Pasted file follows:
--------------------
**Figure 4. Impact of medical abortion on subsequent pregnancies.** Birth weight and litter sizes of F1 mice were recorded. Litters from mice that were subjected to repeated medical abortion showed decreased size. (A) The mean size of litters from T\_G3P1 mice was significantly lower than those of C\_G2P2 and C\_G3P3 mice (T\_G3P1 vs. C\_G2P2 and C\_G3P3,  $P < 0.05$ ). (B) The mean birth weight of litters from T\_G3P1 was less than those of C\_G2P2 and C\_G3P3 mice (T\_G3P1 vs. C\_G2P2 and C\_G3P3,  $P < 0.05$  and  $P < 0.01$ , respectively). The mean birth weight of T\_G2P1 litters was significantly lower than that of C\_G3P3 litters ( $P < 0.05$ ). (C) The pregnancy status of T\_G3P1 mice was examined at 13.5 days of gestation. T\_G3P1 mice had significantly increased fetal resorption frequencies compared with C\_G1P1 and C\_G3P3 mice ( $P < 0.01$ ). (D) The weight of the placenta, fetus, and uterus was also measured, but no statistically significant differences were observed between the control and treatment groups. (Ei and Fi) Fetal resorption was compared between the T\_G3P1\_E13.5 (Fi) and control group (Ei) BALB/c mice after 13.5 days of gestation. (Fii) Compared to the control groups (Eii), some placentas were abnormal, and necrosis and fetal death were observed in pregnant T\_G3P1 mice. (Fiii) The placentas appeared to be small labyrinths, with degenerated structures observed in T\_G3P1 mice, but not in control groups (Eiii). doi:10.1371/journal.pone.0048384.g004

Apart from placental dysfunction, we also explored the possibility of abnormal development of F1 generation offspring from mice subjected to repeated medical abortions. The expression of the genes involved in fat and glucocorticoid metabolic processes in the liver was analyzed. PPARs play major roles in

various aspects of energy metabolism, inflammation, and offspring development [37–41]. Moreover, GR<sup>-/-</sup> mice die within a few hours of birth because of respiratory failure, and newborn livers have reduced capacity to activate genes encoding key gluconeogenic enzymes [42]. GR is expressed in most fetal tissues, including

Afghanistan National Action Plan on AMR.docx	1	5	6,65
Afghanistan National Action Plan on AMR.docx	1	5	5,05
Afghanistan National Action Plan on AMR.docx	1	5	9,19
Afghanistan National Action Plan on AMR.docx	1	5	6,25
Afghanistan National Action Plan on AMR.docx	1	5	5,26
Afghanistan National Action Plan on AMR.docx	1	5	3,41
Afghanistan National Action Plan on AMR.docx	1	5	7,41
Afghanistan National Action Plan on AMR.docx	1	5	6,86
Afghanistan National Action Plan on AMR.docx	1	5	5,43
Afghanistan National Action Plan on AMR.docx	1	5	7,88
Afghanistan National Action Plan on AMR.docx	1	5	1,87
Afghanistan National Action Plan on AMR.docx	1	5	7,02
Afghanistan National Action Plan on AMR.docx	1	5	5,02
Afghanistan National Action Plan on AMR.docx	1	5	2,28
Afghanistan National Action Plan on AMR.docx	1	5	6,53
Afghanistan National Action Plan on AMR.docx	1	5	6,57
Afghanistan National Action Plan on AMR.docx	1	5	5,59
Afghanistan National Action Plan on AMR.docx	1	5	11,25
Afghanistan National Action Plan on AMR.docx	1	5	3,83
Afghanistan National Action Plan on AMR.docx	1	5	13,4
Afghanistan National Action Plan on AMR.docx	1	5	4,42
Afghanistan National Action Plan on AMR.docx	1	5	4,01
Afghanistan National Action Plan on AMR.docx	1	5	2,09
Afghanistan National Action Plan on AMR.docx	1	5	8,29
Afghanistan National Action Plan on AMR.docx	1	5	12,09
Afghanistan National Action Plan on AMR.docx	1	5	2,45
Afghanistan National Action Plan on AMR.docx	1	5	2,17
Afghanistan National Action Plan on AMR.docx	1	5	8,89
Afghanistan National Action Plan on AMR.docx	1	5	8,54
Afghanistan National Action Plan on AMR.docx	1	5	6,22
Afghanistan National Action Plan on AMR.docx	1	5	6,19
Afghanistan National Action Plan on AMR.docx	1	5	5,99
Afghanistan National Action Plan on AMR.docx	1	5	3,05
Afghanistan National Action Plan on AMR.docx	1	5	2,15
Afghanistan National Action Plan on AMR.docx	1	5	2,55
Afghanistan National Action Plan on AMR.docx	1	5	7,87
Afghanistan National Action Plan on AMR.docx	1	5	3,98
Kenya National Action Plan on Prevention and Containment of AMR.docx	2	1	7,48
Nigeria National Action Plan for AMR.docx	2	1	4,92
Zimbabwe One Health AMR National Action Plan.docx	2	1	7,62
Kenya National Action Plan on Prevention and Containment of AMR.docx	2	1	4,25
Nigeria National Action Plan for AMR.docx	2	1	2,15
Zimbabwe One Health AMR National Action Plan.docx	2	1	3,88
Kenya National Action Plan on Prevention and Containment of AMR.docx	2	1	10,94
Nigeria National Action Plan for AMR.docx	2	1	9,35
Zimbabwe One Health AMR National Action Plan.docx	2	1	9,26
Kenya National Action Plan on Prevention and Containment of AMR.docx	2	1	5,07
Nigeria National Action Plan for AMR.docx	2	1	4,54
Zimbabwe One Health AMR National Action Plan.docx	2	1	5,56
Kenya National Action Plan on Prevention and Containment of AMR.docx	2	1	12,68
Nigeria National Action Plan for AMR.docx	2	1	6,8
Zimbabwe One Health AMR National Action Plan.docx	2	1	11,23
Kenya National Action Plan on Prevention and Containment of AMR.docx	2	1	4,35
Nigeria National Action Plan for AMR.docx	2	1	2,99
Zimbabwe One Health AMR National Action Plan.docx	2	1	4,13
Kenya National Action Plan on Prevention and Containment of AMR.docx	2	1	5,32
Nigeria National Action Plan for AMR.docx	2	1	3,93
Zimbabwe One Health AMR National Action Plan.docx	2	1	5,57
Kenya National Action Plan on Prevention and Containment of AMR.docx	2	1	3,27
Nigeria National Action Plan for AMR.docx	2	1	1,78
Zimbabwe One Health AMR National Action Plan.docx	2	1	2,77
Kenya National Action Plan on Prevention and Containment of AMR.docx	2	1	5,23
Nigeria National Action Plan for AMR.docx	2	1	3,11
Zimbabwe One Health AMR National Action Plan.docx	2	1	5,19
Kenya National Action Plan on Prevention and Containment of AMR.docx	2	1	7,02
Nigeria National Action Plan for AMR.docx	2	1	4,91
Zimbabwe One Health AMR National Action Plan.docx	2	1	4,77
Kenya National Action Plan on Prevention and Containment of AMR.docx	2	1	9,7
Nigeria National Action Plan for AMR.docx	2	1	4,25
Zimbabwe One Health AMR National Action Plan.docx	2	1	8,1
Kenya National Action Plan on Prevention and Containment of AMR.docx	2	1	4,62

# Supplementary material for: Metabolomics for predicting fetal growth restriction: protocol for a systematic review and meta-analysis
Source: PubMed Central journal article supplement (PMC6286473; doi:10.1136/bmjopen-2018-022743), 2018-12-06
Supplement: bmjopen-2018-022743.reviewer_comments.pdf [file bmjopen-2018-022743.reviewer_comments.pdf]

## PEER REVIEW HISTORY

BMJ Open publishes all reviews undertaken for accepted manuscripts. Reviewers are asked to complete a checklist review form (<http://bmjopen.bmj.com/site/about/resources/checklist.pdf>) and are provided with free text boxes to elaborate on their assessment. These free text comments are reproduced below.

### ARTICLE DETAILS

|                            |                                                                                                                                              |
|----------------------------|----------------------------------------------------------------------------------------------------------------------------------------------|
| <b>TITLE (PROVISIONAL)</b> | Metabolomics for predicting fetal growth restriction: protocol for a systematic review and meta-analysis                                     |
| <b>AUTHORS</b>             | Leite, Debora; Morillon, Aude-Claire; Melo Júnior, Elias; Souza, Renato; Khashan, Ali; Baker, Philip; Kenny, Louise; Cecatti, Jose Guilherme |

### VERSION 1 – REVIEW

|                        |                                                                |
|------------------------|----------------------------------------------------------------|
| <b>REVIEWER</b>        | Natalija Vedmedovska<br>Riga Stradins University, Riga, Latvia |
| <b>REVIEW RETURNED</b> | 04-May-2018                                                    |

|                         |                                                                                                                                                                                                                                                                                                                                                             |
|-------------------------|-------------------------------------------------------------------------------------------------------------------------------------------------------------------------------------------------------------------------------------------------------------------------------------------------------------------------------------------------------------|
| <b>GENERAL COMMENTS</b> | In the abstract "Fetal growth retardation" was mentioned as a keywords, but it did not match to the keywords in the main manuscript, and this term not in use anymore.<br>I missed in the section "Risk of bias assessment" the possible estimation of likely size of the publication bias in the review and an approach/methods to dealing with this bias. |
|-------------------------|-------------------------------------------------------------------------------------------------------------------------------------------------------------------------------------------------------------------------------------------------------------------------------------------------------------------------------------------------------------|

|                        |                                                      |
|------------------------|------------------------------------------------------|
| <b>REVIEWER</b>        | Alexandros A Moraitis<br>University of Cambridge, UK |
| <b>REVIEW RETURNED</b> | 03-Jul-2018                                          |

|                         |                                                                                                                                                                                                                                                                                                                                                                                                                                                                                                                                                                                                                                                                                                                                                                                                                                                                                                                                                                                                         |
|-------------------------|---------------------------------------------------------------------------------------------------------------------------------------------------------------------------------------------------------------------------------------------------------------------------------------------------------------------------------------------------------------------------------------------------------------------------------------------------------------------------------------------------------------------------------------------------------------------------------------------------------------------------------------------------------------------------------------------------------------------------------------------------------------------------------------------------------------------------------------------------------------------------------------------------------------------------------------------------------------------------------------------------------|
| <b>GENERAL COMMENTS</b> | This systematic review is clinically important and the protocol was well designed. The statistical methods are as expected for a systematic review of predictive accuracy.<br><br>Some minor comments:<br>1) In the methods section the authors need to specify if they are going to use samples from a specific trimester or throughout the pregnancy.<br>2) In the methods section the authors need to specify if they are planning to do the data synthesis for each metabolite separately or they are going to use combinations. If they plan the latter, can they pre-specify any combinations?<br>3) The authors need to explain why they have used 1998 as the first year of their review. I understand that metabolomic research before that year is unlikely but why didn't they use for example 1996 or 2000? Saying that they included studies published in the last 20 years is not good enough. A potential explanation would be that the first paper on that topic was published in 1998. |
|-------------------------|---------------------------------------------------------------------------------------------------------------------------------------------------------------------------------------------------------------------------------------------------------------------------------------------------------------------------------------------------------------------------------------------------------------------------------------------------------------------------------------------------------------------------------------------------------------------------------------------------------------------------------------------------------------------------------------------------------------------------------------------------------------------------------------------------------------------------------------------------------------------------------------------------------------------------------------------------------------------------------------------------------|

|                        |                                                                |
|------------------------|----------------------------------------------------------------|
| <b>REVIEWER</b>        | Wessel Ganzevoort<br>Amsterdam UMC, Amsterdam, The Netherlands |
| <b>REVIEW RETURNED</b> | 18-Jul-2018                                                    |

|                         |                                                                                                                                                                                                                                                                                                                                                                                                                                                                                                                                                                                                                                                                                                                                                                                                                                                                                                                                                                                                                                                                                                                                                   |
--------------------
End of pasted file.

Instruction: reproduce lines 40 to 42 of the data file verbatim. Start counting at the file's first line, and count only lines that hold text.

Afghanistan National Action Plan on AMR.docx	1	5	3,98
Kenya National Action Plan on Prevention and Containment of AMR.docx	2	1	7,48
Nigeria National Action Plan for AMR.docx	2	1	4,92